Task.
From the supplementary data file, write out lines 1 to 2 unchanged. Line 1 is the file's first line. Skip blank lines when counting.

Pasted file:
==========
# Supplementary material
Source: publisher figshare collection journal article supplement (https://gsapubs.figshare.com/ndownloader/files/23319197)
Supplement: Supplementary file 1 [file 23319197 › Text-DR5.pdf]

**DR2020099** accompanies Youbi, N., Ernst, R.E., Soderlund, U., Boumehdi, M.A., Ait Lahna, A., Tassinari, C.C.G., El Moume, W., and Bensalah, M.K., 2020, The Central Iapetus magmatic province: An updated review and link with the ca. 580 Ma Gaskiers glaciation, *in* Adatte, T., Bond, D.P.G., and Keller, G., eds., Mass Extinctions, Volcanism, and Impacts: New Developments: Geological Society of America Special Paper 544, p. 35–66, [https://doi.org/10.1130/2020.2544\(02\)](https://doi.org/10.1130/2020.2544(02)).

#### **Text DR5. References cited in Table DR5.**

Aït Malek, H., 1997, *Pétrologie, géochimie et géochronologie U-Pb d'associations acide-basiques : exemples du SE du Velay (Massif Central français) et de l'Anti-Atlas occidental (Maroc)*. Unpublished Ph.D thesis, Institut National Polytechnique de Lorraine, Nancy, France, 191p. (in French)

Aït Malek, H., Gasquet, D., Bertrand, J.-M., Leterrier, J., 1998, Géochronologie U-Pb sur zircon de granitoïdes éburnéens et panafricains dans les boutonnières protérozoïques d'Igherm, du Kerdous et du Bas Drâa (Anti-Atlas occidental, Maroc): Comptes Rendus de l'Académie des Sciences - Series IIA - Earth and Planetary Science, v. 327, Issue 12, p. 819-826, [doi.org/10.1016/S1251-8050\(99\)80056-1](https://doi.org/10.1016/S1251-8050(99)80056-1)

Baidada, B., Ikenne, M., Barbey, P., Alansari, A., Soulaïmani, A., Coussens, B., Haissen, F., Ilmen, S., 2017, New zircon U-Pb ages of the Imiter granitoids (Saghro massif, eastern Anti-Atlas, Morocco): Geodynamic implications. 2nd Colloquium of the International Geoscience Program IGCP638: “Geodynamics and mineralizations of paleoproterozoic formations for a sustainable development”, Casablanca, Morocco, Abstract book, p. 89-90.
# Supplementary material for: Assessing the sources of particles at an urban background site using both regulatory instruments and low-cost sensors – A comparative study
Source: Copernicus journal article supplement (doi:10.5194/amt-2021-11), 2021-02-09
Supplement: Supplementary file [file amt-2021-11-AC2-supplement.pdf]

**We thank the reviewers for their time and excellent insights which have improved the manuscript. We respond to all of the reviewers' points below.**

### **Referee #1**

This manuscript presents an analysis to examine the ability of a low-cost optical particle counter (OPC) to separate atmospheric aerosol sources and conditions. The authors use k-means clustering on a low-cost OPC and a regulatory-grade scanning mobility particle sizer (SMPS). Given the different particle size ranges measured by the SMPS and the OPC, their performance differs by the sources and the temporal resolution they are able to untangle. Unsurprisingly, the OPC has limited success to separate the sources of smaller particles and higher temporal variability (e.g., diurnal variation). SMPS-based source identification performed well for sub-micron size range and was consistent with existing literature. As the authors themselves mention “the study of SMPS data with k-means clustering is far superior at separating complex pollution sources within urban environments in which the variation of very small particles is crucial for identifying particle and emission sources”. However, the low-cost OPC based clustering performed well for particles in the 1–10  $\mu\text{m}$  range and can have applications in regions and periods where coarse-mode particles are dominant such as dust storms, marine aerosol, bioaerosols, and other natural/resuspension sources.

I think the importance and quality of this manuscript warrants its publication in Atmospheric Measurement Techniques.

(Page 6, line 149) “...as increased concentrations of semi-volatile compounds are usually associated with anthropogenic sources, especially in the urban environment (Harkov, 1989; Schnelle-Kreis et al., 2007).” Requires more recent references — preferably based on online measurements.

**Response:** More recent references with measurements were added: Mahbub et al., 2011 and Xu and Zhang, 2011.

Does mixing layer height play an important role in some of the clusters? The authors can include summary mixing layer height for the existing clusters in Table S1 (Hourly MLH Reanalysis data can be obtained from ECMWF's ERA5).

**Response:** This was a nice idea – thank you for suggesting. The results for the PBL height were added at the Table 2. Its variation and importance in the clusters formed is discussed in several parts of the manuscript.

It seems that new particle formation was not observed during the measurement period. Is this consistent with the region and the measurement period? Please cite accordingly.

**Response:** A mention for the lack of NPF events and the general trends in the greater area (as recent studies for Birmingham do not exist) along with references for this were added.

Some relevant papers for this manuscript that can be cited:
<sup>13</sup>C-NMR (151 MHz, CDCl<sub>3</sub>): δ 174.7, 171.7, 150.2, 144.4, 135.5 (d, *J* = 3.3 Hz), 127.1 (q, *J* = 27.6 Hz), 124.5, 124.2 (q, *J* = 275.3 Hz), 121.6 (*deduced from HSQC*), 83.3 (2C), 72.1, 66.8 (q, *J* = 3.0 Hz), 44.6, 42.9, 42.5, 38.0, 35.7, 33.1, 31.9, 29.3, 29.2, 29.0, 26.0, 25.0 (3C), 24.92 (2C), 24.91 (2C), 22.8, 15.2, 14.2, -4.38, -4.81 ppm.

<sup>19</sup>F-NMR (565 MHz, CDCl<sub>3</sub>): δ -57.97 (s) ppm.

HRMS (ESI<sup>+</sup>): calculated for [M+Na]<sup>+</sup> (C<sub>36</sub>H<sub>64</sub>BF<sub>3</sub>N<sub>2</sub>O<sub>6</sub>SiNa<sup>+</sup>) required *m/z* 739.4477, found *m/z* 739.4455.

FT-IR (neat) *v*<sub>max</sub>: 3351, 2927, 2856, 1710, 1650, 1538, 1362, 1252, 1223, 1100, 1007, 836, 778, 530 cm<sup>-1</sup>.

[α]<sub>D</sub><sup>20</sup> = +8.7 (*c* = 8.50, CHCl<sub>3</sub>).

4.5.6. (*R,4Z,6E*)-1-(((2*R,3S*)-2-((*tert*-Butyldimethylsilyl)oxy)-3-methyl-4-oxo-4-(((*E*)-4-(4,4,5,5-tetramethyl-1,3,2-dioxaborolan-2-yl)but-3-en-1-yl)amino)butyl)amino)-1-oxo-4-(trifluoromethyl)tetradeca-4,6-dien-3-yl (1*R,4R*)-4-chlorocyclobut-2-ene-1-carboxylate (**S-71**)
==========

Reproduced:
# Supplementary material
Source: publisher figshare collection journal article supplement (https://gsapubs.figshare.com/ndownloader/files/23319197)